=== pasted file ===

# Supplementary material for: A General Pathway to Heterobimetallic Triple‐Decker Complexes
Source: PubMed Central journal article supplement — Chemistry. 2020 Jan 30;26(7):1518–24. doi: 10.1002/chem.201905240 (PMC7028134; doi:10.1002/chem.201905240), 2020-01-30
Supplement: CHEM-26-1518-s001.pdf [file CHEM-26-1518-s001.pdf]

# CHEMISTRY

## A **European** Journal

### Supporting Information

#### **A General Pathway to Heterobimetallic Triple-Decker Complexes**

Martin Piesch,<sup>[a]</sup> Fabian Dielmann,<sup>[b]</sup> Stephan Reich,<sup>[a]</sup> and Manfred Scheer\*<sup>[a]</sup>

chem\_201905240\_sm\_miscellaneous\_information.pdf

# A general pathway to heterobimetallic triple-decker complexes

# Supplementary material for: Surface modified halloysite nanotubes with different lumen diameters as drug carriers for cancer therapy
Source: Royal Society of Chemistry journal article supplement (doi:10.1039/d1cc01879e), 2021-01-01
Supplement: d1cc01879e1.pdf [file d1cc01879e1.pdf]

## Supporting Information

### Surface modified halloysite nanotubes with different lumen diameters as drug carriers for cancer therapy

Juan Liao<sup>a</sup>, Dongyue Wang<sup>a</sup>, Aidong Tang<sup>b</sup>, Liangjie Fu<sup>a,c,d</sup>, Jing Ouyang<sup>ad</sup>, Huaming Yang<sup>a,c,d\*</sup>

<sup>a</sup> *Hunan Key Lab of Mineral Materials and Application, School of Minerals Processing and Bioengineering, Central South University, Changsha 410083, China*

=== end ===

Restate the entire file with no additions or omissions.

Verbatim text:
# Supplementary material for: A General Pathway to Heterobimetallic Triple‐Decker Complexes
Source: PubMed Central journal article supplement — Chemistry. 2020 Jan 30;26(7):1518–24. doi: 10.1002/chem.201905240 (PMC7028134; doi:10.1002/chem.201905240), 2020-01-30
Supplement: CHEM-26-1518-s001.pdf [file CHEM-26-1518-s001.pdf]

# CHEMISTRY

## A **European** Journal

### Supporting Information

#### **A General Pathway to Heterobimetallic Triple-Decker Complexes**

Martin Piesch,<sup>[a]</sup> Fabian Dielmann,<sup>[b]</sup> Stephan Reich,<sup>[a]</sup> and Manfred Scheer\*<sup>[a]</sup>

chem\_201905240\_sm\_miscellaneous\_information.pdf

# A general pathway to heterobimetallic triple-decker complexes

# Supplementary material for: Surface modified halloysite nanotubes with different lumen diameters as drug carriers for cancer therapy
Source: Royal Society of Chemistry journal article supplement (doi:10.1039/d1cc01879e), 2021-01-01
Supplement: d1cc01879e1.pdf [file d1cc01879e1.pdf]

## Supporting Information

### Surface modified halloysite nanotubes with different lumen diameters as drug carriers for cancer therapy

Juan Liao<sup>a</sup>, Dongyue Wang<sup>a</sup>, Aidong Tang<sup>b</sup>, Liangjie Fu<sup>a,c,d</sup>, Jing Ouyang<sup>ad</sup>, Huaming Yang<sup>a,c,d\*</sup>

<sup>a</sup> *Hunan Key Lab of Mineral Materials and Application, School of Minerals Processing and Bioengineering, Central South University, Changsha 410083, China*